Team Building Leadership
A common question is, “How can I motivate these people?” The manager or business owner asking the question expects an answer which reflects on some secret wisdom hidden away from the general population by the wizards on business theory. They want the “silver bullet” to change people from low productivity to outstanding performance. The true answer involves the skills and attributes of the employees and the leadership abilities of the manager. Here are some leadership principles worth understanding.right people:
- Authority versus Power
- Putting the right People in the right Jobs
- Create the Environment
Authority versus Power In Leadership
Authority is rights granted to you as the result of your position in the organization or team. You may be the owner of the business, the executive director of the organization, the general manager, department head or group supervisor. Authority does give you the right to hire, fire, promote and give pay raises. Those rights may be powerful motivators but, in most cases, not sufficient to sustain a highly productive organization. For example, studies have shown that increases an employee’s salary may provide immediate motivation, but after a period of time, as short as three days, that motivation fades back to the base line level.
Power is the capacity or ability to influence the behavior of others. Much can be said about how one acquires power. It starts with a trust developed with the others in the group. Empathy and an understanding of the needs and skills of each team member is also important. Where authority is granted, power is earned.
A good example of this comes from a friend who is a Baptist minister. Of course, the minister is granted the authority by the congregation to run the affairs of the church. He is the leader by authority. A new minister must not take this authority lightly, but spend time learning who might be the people in the congregation who are the leaders and have the power. The exercise of authority with establishing power can often lead to the need to find a new church.
Putting the Right People in The Right Jobs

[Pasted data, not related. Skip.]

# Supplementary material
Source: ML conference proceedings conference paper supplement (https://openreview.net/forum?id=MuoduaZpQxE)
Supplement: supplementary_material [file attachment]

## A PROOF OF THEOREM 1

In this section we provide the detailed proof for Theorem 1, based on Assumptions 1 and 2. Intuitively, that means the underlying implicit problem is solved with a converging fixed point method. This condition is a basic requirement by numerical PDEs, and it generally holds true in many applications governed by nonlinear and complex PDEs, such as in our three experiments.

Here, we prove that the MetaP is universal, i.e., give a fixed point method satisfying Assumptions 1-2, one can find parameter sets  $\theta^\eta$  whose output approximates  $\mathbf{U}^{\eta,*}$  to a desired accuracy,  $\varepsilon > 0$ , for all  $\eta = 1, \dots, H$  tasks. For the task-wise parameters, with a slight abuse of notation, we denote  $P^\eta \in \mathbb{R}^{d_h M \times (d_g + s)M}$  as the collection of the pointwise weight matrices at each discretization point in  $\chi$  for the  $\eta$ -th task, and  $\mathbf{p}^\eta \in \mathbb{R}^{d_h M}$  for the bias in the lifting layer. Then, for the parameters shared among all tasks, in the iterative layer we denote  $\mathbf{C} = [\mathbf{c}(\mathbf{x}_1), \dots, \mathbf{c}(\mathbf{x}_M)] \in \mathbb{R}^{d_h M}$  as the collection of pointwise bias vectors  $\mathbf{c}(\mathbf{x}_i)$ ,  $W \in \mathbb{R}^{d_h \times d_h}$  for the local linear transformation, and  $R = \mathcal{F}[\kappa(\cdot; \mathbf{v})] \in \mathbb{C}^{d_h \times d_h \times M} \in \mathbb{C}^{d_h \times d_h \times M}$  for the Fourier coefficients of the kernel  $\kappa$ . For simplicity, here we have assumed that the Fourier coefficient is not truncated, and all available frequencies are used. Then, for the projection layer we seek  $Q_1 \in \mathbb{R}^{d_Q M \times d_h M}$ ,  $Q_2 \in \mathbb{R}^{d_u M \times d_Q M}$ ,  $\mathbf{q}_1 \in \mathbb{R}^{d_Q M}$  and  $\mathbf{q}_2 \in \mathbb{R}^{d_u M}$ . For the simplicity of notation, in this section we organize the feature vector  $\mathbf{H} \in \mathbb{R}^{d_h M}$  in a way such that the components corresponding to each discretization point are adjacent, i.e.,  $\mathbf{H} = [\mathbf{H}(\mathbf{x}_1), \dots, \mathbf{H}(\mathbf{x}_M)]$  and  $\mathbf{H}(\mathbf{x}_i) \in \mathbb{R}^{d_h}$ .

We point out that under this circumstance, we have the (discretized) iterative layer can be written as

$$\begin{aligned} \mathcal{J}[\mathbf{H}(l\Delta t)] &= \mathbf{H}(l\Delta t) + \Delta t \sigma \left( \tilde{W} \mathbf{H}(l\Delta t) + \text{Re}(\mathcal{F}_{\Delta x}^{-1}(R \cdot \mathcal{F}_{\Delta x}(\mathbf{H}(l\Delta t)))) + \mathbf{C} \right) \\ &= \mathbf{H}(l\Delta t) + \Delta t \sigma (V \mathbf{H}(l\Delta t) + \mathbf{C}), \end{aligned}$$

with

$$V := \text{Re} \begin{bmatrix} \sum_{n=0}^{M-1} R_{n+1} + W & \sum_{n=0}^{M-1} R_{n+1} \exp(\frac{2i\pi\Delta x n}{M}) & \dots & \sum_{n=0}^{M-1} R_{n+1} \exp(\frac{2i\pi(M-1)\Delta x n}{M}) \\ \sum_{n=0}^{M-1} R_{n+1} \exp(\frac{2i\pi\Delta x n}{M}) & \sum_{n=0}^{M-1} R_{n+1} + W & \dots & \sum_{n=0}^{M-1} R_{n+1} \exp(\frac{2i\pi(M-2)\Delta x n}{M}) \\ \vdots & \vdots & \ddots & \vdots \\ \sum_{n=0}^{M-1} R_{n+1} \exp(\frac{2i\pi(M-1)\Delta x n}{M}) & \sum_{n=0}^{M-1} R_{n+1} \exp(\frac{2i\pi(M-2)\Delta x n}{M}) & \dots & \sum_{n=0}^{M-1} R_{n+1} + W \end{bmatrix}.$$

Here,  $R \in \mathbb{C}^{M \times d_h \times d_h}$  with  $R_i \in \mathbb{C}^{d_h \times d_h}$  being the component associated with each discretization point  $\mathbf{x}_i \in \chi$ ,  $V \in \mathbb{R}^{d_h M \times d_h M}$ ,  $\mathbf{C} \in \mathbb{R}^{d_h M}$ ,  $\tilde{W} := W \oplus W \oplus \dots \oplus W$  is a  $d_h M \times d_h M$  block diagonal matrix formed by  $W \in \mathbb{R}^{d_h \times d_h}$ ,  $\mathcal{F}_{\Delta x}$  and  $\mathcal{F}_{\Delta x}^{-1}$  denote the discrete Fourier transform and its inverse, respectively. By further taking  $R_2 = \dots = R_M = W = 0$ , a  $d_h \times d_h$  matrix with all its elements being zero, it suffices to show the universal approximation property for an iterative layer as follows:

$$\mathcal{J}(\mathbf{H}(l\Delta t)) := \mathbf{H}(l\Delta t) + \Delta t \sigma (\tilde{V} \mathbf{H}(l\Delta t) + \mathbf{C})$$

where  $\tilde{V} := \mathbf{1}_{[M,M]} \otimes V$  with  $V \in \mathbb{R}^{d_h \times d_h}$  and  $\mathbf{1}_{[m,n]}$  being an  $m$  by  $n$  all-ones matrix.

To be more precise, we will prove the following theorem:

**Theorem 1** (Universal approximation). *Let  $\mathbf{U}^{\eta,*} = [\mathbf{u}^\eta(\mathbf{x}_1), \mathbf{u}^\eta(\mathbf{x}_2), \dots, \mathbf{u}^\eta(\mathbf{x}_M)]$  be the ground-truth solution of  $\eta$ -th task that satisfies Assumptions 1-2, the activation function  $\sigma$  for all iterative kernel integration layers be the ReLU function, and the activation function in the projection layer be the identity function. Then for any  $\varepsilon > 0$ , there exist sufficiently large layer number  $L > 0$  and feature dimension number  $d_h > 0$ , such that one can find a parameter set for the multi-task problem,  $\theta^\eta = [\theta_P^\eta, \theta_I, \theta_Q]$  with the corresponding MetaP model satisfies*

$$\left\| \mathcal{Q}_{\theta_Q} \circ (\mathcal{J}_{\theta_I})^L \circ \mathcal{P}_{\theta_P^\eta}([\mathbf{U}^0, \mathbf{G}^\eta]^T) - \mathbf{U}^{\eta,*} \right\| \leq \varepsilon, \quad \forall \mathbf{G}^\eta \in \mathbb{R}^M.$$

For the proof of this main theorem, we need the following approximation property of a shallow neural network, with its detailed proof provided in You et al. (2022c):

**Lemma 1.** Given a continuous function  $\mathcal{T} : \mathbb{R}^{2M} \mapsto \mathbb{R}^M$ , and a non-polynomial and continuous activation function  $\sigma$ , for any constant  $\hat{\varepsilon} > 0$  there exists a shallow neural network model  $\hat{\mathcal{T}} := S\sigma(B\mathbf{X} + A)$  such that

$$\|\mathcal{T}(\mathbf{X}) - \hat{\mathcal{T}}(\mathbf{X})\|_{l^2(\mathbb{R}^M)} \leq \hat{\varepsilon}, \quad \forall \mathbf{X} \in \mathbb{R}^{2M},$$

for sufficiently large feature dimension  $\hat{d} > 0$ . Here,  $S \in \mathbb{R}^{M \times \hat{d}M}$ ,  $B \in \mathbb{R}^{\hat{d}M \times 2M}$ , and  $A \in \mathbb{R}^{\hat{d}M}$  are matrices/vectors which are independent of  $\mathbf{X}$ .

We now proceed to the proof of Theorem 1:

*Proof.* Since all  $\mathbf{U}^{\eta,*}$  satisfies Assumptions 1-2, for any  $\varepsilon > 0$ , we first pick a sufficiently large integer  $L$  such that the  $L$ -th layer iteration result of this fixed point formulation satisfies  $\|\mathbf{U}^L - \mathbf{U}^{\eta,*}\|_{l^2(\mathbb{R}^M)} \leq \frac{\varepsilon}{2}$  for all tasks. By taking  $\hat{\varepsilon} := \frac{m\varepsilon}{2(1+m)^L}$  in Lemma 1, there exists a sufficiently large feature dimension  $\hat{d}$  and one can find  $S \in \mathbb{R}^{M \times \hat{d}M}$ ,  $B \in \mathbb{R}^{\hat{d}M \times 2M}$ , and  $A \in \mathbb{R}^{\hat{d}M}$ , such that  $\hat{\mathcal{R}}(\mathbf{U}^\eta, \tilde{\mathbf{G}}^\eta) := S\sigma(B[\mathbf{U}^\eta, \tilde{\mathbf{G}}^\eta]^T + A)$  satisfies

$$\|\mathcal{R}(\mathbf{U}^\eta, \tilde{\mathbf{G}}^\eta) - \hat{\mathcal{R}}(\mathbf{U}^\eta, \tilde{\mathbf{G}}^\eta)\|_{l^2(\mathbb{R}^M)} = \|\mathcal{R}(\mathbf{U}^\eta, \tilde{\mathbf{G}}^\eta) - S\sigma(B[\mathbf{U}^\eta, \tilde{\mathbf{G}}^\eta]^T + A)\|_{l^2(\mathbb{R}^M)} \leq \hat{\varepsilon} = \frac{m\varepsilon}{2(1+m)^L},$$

One sign of leadership weakness is the statement, “I don’t understand why people don’t work like I do?” Well, isn’t it unfortunate that everybody is not like you? Please accept the fact that different people have different skills and knowledge. They also are motivated in different ways by a different set of values. Not everyone is equipped to be the quarterback on the team. Some are best equipped to be the linebacker.
Over the last 10 years, we have administered and analyzed dozens of personality assessments. They have measured an individual’s motivational values, perception of the world, and personality types. As of this date, we have never observed two people with the same assessment results and expect never to make such an observation.
You need to find within a group who is the best suited for a given responsibility. Who is the most methodical for they might best lead the taking of inventory? Who is the most comfortable in dealing with people for they should handle the front desk? Who is the most artistic for they might handle the graphics used in promotion? It’s all about matching the people to the requirements of the position.
Creating the Environment Through Leadership
There is an old German saying which translates to, “The fish starts to stink from the head.” It is quite common among managers that we underestimate the influence we have over those who we work with.
A colleague of mine was responsible for a small manufacturing operation in Pennsylvania. He was the plant manager of a one shift operation with approximately 20 factory employees. One day over a cup of coffee, he related to me this story. As part of his daily routine, he would begin each day with a tour of the plant during which he said good morning to everyone, stopping to discuss operational issue with a few. One day as he arrived at the plant he received and early morning telephone call from the company Vice President. He took what turned out to be a rather lengthy call, and upon completion, went on with his daily activities, never touring the plant. Several hours later, one of the people from the factory was on a break and came to see the plant manager. “Is something wrong, we didn’t see you this morning?” This routine behavior had become an indication to those in the plant of the plant manager’s interest in their work and them personally. Would that relationship be different if heonly appeared in the plant to investigate and correct issues?
Starting with the example above, let’s consider other behaviors which create a positive environment:
- Frequent meetings with groups of employees asking for input on issues which occur within the group.
- During meetings, being a good listener, encourage the options of others.
- Finding reason to give praise to individuals and groups as is appropriate.
- Making others part of making some of the decisions.
- Having a real open door policy. Don’t just talk about it, invite others in the door.
- Don’t have doors.
Let’s consider some behaviors which create a negative environment:
- Arrive at work, going directly into your office and close the door.
- Publicly or privately humiliating someone who made a mistake.
- Communicating primarily through memos and emails with little face-to-face conversation.
- Centering all your efforts on finding problems and corrective action.
- Not being proactive in developing programs to improve the functions of the organization